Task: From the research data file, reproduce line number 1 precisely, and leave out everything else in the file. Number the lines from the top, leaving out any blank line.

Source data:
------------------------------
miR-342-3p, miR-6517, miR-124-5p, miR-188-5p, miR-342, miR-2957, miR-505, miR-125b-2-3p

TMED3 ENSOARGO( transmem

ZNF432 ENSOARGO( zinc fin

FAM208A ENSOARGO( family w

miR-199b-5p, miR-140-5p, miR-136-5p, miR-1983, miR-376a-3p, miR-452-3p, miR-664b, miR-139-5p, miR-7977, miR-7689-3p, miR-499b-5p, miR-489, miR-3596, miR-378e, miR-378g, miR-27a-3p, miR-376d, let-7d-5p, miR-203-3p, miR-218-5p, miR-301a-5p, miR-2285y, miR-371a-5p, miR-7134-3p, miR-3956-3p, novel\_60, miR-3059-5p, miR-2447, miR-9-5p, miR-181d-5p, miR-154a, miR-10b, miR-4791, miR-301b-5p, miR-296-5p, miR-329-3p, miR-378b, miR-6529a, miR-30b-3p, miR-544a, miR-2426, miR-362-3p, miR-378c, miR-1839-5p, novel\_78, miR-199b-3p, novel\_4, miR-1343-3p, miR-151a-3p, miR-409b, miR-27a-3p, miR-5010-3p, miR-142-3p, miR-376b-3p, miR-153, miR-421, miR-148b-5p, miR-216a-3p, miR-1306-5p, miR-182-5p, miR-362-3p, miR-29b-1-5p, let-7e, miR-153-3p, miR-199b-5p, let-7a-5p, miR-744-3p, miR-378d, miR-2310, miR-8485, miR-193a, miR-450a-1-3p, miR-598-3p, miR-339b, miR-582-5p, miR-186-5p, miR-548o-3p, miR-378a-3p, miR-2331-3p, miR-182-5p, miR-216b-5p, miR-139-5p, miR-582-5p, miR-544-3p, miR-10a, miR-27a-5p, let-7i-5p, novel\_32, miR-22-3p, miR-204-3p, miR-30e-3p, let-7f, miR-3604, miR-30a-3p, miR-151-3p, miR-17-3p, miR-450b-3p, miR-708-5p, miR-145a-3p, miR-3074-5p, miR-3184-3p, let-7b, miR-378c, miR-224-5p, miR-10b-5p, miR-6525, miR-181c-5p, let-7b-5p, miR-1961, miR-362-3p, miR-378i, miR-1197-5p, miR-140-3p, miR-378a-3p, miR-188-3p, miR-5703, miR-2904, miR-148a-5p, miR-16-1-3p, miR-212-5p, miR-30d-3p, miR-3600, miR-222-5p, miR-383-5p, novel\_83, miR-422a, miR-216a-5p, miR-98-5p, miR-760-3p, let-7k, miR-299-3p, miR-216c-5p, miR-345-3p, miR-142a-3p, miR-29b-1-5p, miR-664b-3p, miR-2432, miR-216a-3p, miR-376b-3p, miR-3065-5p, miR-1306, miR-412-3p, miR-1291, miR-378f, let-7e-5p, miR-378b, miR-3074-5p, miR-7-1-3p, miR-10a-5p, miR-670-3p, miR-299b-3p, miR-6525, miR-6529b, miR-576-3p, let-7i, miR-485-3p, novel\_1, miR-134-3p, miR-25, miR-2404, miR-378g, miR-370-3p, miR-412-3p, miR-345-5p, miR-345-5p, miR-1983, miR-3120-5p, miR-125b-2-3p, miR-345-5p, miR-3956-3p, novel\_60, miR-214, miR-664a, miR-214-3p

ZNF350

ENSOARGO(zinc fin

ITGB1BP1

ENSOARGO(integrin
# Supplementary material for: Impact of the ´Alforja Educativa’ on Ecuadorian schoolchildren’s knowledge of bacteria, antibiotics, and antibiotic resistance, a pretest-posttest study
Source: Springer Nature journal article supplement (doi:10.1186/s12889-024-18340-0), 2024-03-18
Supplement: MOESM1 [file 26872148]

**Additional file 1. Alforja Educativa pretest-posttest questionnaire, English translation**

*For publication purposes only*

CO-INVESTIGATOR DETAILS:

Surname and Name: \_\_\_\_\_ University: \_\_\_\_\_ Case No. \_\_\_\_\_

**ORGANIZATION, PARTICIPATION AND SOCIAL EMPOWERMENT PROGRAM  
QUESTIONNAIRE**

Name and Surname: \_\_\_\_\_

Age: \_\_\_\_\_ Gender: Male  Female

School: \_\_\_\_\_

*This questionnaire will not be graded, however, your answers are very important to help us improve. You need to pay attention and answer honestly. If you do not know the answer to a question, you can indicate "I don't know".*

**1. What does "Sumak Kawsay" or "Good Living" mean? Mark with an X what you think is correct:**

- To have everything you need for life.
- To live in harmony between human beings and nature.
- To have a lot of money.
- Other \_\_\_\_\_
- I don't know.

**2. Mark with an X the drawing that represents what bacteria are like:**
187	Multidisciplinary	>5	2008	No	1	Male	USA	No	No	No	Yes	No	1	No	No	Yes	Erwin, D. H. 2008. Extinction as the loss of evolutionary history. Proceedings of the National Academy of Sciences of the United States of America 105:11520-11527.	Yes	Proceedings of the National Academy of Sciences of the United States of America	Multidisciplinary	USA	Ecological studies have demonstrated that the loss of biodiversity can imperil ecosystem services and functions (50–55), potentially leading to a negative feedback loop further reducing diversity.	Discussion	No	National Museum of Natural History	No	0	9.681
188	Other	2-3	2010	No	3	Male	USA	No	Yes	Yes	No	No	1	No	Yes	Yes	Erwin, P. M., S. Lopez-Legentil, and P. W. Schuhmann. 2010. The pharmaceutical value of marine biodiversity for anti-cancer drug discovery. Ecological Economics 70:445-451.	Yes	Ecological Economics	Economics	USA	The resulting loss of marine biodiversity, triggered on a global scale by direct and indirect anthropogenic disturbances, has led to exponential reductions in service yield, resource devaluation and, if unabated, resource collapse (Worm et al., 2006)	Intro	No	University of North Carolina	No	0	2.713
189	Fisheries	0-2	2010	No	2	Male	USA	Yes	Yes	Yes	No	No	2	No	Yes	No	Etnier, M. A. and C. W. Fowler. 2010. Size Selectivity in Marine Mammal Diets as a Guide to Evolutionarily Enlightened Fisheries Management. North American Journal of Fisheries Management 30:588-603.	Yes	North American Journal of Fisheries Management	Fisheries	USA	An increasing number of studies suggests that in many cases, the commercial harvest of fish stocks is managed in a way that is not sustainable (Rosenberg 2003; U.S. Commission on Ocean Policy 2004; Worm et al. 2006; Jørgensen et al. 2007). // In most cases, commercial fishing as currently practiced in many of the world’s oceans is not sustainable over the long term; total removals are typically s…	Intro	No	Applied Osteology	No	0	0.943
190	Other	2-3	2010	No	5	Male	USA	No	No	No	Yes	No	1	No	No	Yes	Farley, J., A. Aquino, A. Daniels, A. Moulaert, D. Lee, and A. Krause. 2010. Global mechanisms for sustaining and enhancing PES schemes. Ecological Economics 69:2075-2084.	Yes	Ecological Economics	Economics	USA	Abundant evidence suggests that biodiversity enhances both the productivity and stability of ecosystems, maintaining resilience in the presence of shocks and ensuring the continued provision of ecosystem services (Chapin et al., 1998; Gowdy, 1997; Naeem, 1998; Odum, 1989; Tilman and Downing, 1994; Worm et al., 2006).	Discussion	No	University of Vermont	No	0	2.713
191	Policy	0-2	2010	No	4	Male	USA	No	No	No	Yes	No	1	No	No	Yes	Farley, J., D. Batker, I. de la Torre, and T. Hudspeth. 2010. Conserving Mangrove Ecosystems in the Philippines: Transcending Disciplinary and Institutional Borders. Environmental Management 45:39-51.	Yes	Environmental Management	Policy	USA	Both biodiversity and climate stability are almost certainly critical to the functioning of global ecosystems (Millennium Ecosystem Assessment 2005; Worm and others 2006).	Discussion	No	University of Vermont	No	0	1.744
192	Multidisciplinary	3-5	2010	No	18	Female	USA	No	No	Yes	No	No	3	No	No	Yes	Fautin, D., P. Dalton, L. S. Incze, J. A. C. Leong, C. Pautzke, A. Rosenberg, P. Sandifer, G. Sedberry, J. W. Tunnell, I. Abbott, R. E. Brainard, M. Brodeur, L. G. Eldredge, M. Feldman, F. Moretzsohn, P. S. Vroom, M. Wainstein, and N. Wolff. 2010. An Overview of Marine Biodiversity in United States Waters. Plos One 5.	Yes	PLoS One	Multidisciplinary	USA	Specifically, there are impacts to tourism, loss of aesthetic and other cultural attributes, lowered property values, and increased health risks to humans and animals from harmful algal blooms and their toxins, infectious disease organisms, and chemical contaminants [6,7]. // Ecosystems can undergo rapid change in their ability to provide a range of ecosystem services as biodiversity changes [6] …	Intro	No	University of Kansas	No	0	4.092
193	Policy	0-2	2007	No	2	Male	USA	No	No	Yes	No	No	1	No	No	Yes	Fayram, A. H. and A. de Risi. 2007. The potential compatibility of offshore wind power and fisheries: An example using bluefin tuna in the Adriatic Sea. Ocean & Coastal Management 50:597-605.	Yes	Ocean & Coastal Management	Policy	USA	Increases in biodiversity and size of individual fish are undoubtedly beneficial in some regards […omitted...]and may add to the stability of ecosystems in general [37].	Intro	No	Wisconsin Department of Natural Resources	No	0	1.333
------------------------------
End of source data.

miR-342-3p, miR-6517, miR-124-5p, miR-188-5p, miR-342, miR-2957, miR-505, miR-125b-2-3p